JACKSONVILLE, Fla. – It may not come as a surprise that it feels hotter to long-time residents of Jacksonville and the surrounding areas.
But is it? First, the ground rules to explain the answer.
- Defining what the weather should be is called climate.
- The ‘normals’ establish the basis for judging how daily, monthly and annual climate conditions compare to what’s expected for a specific location in today’s climate.
A new set of ”climate normals” was released Tuesday by the National Oceanic and Atmospheric Administration showing updated weather conditions averaged over a 30-year period. It is like the U.S. Census where the average is calculated every 10 years. The latest is from 1991 to 2020 and includes more than 9,000 daily weather stations
The result? NOAA confirmed it is hotter and wetter in Jacksonville based on daily weather data from the past three decades.
How has Jacksonville changed since the last update 10 years ago?
- Jacksonville is an inch wetter, averaging 53.4 inches of rain per year.
- The average yearly temperature is 0.7 F degrees warmer. Most of the change came during the winter months, where the average rose from 54.9°F to 56.1°F.
- Springtime also warmed by nearly a degree due to milder nights.
It is noteworthy to see that the hottest parts of summer didn’t change. While nighttime temps have trended warmer, daily maximum temperatures stayed fixed close to 91 degrees. The heat over summer has been tempered by more rainfall. This is due to warmer air’s ability to hold more moisture; which explains why it has rained more often.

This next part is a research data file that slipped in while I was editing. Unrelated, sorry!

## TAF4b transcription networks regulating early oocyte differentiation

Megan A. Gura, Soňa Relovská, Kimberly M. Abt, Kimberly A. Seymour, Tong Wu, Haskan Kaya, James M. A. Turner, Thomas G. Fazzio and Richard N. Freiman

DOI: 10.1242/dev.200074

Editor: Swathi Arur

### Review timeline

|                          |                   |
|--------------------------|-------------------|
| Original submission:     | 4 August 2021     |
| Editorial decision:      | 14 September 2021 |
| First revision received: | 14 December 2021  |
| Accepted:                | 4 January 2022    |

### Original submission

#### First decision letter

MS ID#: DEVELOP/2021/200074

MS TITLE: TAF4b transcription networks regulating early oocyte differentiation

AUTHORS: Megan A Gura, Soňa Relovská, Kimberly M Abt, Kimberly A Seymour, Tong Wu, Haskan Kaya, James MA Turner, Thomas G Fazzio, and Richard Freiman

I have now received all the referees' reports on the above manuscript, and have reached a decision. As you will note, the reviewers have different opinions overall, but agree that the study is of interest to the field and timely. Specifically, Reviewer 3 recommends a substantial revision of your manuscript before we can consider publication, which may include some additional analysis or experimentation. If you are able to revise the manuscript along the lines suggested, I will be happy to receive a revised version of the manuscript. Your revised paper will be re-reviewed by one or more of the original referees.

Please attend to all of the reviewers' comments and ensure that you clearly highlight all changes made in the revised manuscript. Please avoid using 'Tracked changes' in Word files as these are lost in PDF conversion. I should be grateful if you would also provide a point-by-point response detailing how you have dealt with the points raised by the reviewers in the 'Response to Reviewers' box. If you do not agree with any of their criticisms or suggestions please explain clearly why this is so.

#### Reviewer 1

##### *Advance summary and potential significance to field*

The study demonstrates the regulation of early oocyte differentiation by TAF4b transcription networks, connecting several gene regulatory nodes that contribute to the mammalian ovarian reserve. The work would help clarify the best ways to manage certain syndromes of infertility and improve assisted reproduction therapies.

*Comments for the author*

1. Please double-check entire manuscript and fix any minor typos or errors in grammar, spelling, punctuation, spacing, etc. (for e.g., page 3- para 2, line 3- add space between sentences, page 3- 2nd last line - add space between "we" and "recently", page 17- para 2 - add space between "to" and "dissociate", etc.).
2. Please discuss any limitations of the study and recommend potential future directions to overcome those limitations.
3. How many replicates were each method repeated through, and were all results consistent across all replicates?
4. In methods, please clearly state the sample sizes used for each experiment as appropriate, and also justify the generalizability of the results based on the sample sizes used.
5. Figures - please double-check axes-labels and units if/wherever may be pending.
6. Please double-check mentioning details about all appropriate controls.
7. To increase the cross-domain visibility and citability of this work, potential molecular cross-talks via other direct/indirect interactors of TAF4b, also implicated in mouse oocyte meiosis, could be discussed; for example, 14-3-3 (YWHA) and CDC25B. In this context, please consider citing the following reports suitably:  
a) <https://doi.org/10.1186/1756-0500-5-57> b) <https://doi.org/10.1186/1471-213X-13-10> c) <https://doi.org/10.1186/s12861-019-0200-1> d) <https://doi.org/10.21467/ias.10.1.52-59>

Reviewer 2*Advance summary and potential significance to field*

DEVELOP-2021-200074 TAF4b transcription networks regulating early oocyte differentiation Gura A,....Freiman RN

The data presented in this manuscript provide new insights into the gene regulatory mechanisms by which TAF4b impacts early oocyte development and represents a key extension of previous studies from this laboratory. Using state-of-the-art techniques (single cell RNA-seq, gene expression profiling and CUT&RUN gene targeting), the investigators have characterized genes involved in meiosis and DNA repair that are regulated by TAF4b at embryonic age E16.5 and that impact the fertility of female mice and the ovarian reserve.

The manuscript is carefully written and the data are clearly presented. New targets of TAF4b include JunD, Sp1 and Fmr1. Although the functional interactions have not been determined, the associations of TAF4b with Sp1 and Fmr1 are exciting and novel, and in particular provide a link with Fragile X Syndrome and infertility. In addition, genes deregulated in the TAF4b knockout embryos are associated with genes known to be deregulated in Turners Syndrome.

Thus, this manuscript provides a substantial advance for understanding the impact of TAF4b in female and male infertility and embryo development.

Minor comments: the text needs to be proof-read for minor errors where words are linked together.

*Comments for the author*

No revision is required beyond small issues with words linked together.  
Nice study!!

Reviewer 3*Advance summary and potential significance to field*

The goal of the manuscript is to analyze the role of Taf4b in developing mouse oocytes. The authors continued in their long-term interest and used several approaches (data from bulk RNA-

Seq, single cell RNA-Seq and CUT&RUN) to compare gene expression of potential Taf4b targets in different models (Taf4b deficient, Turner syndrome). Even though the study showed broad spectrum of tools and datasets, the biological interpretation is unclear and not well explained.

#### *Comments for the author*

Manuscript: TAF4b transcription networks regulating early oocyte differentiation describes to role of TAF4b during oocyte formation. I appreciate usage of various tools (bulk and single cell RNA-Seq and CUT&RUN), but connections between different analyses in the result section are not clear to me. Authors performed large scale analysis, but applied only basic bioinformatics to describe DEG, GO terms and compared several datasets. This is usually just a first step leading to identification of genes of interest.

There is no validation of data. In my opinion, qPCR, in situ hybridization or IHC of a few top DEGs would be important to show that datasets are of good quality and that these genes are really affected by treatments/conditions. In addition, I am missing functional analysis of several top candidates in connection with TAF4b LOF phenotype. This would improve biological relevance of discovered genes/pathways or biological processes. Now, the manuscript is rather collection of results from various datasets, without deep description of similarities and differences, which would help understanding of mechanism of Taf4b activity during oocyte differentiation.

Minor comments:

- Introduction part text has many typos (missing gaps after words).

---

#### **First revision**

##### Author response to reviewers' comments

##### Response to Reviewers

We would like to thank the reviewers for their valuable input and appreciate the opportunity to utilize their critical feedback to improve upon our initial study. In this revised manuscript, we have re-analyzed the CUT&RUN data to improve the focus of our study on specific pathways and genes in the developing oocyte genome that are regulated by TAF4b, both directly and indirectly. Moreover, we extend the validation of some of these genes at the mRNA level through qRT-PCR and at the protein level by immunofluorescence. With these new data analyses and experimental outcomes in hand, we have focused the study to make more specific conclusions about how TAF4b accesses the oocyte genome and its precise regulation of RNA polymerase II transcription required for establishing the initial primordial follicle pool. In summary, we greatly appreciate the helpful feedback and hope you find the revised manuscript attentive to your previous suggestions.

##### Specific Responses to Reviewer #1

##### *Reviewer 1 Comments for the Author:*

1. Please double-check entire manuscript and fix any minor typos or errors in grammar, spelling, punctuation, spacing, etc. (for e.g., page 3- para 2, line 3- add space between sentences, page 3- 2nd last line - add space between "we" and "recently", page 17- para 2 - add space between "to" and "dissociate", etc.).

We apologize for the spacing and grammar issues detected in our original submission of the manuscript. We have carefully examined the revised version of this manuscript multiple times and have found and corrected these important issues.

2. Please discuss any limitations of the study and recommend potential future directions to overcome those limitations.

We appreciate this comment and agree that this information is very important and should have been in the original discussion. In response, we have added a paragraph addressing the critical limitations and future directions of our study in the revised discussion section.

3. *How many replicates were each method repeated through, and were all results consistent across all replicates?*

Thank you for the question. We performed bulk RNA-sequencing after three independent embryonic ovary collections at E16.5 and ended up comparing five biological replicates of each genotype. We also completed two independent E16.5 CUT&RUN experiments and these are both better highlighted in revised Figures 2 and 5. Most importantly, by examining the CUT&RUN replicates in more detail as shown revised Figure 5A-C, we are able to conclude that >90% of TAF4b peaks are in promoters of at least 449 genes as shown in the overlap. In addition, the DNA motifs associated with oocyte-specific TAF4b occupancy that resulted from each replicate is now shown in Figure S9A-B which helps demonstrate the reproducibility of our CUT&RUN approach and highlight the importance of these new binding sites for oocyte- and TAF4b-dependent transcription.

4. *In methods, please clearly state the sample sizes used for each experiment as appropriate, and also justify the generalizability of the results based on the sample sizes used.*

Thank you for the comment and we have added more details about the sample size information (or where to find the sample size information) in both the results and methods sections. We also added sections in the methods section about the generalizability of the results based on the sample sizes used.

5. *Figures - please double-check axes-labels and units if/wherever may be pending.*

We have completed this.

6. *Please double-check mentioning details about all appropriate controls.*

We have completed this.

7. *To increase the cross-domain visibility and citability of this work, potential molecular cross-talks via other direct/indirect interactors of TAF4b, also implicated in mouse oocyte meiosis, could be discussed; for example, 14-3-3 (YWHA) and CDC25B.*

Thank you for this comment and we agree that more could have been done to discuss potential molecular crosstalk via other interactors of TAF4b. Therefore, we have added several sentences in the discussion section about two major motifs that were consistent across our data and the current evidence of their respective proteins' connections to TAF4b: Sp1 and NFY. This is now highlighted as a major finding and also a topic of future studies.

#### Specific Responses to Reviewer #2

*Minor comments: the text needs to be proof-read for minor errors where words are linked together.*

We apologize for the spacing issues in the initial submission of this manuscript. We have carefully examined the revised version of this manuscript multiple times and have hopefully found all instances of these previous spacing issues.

Rainfall has increased by about an inch per year with the greatest increase during the summer and autumn months.
Climate change does not increase precipitation equally across various locations. Other factors related to geography can result in a greater range in rainfall excess or declines across the country. While humidity supplies the rainfall locally from the Atlantic and Gulf of Mexico, western areas in the United States are seeing longer droughts.
Climate change has shifted previously established weather tracks over the past three decades leading to multi-decade megadroughts that are setting in from Mexico to the U.S. southwest.
The updated set of climate averages for the United States shows climate change is not just confined to our local boundaries.
The United States has warmed 1.7 degrees since the first climate normal was calculated during 1901-1930.
Since 1901-1930, all but two of the 30-year periods have shown an increase in temperature.
While the daily ups and downs of weather will continue, the latest climate averages show the warm trend will also continue unless change is made to reduce carbon emissions.